Back Story London-based designer Seb McLauchlan began designing Ginto by surveying a variety of 20th century sans-serif typefaces and studying the shift from Modernist ‘pure’ geometry into the slightly more baroque, exuberant style of typefaces created during the photosetting period.
Why’s it called Ginto? “Ginto wasn’t intended to mean anything… it’s a pure fabrication meant to function aesthetically and sonically,” say Dinamo founders Johannes Breyer and Fabian Harb. Since the capital “G” and lowercase “t” turned out to be key glyphs with unique personalities, the designers felt it made sense to include them in the name of the font. To mirror the typeface’s fair amount of attitude, it also felt appropriate to come up with a short, punchy name. The ‘o’ at the end lends a certain sense of familiarity and ease, almost like a nickname for a beloved friend. “Since deciding on the name, we’ve found it translates to ‘gold’ in Tagalog, the main language of the Philippines—a strange and welcome coincidence, as this is my mother’s native tongue,” adds McLauchlan.
Interesting to note is the uncertainty on how to pronounce the name; it’s unclear whether Ginto should be pronounced “Jin-to” or “Ghyn-to” (sort of like the question about using a hard or soft “g” in pronouncing .gif!). The designers see this as a positive feature, and a way to spark conversation about the typeface before anyone has seen a single letter. For the record, around the studio they say “Jin-to.”
What are its distinguishing characteristics? At its core, Ginto is a geometric-humanist typeface with a fundamental tension between circles and rectangles. The contrast between the letterforms’ circular bowls and straight strokes gives the shapes a dynamism and personality with a balanced tone, benefiting legibility at smaller sizes. Ginto Normal’s compact shapes and rational set of weights allow it to work harder across many sizes and environments, resulting in a functional character—while Nord, on the other hand, takes the tone and tenor of Normal and cranks the volume up to 11. “Ginto Nord is a graphic remix of Normal’s DNA, featuring a very large x-height, and more generous character width,” say Breyer and Harb. “It takes a functional core of Light, Regular, and Medium weights and drives the design off the edge of a cliff, stretching from fine hairlines to monolithic ultrabold forms.”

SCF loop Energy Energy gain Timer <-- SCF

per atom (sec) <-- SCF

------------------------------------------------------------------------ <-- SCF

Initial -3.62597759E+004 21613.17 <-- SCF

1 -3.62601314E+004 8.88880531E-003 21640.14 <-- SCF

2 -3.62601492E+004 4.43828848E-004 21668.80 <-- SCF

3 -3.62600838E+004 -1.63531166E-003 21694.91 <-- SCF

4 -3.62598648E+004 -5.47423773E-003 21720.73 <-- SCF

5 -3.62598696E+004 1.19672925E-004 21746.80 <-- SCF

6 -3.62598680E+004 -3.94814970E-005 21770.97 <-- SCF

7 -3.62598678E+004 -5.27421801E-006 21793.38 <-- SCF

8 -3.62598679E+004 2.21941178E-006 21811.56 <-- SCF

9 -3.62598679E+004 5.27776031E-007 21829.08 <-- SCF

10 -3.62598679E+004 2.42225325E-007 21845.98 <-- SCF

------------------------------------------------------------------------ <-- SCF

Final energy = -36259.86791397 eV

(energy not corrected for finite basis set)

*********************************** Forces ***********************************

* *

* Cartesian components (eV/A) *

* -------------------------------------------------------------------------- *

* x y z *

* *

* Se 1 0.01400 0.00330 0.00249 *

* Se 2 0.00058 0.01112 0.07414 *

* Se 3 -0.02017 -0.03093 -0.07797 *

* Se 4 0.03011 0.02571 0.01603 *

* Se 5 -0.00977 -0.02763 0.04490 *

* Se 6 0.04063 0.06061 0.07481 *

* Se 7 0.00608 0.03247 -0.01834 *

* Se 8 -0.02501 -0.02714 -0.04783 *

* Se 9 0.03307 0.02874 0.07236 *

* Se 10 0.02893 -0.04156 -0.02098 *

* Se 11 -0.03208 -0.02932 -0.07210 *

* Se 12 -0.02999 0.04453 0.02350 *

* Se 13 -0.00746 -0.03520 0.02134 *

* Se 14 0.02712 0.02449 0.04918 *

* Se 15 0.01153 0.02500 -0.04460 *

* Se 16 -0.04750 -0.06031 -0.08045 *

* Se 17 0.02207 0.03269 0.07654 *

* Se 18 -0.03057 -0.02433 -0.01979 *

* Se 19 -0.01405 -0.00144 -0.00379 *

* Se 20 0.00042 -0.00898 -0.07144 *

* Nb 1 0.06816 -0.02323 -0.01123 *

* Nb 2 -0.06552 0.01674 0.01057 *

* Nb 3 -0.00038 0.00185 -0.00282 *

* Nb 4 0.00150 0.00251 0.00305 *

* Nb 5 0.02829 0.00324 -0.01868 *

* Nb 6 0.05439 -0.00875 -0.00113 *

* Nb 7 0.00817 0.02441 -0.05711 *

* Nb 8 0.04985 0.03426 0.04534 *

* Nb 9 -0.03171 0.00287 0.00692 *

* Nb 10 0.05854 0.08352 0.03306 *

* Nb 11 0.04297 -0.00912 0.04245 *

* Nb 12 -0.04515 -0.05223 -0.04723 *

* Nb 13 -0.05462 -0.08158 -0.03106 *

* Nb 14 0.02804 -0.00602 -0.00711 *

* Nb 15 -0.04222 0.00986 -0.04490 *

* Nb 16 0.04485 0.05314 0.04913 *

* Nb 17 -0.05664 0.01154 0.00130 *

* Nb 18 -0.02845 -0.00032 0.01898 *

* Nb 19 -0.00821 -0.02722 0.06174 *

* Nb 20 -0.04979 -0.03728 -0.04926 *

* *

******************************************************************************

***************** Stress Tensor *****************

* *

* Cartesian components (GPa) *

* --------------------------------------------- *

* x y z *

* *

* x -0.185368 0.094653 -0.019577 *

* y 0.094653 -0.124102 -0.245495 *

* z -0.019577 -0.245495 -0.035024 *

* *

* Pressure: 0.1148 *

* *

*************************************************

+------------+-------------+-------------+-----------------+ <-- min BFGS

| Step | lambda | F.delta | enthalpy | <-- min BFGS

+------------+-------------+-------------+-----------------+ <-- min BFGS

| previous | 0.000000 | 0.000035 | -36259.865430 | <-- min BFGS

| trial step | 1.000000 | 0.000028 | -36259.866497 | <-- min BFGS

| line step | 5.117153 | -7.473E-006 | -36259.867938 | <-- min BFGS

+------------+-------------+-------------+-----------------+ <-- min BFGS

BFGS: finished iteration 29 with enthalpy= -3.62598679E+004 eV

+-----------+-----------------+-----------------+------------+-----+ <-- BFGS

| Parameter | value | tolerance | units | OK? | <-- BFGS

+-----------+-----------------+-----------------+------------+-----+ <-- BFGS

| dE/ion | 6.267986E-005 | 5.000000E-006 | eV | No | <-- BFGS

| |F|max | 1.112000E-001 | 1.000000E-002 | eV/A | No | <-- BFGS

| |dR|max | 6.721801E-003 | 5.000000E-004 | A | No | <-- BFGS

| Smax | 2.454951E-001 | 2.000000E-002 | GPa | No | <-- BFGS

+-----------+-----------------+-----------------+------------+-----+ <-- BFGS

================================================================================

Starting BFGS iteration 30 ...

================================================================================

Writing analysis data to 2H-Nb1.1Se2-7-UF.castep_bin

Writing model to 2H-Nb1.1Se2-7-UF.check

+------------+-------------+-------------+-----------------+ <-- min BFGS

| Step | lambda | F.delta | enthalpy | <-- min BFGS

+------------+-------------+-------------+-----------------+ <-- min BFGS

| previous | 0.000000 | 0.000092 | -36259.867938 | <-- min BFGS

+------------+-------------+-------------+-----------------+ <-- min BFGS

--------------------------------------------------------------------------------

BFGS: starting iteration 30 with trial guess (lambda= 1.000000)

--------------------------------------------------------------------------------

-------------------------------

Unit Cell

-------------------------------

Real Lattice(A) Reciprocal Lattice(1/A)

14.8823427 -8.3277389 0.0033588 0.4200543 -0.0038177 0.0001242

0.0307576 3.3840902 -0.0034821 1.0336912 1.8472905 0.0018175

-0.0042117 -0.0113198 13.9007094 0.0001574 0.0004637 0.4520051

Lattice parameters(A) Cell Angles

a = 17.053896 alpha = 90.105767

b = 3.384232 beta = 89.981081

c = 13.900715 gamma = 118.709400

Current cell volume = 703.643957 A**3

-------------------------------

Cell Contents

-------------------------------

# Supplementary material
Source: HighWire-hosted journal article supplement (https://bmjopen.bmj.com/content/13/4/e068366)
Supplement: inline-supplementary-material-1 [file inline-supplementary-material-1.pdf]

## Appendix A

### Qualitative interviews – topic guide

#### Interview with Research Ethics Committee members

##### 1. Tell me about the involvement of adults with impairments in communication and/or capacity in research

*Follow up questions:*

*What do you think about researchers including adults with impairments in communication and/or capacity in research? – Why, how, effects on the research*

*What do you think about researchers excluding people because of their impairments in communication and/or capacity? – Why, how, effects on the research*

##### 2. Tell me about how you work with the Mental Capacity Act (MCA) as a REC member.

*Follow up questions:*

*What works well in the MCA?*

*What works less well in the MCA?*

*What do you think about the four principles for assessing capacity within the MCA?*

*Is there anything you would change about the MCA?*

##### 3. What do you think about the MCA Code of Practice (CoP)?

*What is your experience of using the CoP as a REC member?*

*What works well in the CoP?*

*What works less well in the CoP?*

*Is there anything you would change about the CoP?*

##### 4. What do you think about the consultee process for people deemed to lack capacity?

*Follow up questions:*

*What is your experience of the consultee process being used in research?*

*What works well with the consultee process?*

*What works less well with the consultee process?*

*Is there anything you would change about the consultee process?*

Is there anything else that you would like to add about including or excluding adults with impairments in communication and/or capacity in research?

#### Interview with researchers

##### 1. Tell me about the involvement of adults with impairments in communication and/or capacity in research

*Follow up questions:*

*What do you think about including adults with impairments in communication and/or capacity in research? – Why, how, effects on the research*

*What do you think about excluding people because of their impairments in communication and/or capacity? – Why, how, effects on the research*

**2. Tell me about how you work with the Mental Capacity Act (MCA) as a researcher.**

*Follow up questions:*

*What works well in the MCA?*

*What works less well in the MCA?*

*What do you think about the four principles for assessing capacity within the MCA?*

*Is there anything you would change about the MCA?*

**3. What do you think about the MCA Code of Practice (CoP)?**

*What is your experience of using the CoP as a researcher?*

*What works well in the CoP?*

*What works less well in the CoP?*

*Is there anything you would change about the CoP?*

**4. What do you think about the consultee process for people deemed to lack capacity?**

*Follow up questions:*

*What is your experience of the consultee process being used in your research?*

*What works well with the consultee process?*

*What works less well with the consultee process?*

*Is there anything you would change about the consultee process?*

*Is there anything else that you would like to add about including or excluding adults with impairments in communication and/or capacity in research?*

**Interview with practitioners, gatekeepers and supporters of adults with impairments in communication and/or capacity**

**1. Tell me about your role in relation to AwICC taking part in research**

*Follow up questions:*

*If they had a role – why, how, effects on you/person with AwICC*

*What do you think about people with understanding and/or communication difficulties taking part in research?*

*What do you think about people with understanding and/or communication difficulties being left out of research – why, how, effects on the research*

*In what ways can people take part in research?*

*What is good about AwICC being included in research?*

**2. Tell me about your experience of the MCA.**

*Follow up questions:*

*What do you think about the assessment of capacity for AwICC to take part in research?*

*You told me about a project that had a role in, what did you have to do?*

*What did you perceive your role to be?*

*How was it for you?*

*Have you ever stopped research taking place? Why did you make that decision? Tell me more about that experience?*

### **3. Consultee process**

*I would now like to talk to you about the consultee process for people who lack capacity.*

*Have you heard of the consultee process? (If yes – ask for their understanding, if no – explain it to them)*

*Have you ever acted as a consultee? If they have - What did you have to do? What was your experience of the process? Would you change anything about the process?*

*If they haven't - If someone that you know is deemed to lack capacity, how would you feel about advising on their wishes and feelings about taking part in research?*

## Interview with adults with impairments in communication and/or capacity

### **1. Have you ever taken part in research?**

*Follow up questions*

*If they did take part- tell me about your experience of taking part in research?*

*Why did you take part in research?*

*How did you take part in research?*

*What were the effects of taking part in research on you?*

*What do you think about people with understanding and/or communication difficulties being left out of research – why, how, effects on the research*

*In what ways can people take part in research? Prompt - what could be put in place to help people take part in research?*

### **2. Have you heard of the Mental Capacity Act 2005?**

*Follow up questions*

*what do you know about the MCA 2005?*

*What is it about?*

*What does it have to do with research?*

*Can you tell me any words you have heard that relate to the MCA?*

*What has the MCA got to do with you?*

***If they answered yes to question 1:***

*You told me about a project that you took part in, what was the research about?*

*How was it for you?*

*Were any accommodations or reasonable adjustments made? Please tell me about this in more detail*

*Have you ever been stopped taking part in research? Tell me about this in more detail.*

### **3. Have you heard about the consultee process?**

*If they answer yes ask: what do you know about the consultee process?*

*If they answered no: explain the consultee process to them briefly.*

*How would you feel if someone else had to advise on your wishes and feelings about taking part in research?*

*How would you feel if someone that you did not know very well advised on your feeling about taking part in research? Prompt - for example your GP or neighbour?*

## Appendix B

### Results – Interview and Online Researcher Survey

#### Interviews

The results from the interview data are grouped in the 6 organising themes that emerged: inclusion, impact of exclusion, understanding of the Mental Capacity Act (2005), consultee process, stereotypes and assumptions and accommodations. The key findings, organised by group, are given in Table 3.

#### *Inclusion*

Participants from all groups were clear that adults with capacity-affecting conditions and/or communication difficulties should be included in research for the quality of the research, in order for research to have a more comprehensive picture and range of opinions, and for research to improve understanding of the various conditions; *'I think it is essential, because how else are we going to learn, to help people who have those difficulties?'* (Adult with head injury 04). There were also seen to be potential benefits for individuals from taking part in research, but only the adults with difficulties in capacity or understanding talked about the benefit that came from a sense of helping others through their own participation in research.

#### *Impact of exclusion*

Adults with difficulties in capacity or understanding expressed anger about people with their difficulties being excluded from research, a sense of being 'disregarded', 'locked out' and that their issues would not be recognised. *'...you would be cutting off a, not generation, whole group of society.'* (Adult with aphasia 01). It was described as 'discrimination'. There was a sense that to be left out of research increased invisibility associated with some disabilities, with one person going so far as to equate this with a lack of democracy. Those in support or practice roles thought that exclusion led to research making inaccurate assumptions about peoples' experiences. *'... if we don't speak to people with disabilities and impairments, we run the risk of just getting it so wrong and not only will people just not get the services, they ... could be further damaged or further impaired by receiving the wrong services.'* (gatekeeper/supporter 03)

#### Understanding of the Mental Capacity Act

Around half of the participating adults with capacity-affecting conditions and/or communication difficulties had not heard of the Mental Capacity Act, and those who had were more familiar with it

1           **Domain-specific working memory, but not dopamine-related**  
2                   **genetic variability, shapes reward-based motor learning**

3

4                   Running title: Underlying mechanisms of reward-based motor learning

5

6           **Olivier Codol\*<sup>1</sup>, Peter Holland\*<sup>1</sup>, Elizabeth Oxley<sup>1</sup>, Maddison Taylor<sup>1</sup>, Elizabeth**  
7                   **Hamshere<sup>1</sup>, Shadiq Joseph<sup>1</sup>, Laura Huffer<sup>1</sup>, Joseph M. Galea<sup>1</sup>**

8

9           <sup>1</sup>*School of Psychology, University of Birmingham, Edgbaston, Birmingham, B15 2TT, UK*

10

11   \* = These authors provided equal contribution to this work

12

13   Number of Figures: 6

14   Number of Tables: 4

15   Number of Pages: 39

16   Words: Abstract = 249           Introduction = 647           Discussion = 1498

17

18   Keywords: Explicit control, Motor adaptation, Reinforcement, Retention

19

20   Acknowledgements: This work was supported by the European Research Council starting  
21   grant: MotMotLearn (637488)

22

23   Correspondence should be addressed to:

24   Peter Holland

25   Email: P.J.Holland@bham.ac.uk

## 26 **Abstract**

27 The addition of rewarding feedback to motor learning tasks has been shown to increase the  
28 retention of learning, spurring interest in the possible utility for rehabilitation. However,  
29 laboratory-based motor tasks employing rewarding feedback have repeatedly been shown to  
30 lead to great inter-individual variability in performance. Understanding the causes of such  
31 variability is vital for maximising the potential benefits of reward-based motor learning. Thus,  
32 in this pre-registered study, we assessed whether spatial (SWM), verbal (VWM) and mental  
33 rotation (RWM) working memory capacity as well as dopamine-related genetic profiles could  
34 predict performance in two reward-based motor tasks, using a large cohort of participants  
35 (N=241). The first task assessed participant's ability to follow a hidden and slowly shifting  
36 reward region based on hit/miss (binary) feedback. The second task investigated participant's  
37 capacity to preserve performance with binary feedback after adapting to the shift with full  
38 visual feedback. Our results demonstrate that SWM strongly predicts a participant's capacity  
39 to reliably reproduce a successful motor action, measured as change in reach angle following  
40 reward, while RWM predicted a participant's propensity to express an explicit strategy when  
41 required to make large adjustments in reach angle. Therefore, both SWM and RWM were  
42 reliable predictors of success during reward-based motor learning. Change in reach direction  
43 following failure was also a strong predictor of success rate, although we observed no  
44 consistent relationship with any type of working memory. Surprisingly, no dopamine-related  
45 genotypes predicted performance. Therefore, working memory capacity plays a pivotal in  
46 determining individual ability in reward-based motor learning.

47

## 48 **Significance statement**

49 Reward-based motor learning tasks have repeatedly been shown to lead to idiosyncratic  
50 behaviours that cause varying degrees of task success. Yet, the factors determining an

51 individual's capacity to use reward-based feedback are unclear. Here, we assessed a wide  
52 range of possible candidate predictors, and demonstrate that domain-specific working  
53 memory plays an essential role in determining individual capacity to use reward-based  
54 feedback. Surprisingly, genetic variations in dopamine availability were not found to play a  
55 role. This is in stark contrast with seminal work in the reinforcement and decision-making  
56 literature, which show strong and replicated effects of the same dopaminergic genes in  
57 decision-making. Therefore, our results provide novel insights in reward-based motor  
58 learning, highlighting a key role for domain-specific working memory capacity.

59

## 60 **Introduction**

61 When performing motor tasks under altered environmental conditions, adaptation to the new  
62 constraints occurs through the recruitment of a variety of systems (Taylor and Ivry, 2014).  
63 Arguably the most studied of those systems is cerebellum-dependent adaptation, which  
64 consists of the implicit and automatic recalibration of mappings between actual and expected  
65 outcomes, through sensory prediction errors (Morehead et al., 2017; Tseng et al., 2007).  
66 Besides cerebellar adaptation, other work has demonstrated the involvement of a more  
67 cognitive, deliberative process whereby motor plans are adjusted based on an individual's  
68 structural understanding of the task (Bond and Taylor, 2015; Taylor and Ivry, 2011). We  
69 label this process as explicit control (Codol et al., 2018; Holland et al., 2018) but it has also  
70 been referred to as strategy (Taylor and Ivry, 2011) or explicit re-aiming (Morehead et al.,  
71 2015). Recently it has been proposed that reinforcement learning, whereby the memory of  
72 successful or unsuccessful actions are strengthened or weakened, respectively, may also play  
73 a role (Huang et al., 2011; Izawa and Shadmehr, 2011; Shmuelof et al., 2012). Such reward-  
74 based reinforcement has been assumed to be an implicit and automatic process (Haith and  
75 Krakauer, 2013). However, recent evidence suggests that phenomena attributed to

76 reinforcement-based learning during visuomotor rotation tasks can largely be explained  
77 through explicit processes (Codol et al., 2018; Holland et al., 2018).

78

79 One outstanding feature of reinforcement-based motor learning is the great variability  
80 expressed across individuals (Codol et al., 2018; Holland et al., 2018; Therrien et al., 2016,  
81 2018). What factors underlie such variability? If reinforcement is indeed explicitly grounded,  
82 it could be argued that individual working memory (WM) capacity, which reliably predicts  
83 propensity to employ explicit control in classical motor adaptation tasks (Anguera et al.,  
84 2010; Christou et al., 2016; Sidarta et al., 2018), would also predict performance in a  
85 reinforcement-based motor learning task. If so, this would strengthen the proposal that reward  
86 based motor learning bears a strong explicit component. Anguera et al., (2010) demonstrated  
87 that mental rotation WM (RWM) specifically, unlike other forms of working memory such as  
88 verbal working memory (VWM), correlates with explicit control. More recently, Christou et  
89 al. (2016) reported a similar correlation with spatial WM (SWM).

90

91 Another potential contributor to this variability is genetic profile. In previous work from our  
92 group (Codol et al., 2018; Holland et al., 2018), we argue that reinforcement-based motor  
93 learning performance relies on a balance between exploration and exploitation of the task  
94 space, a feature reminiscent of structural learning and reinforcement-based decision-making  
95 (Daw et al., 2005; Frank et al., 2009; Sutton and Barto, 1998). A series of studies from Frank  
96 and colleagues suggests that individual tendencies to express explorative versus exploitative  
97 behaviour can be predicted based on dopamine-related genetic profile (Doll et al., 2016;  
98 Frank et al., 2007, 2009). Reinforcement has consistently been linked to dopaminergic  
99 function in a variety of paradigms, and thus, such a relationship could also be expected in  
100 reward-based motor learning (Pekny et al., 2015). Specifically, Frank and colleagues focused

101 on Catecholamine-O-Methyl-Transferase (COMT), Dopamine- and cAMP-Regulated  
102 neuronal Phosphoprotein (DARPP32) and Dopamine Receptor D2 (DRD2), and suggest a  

What should I use it for? Ginto’s many weights are drawn to perform in a variety of environments, and are particularly well suited for branding and identity projects.
What other typefaces do you like to pair it with? Like inseparable siblings, Ginto Normal and Ginto Nord work very well with each other.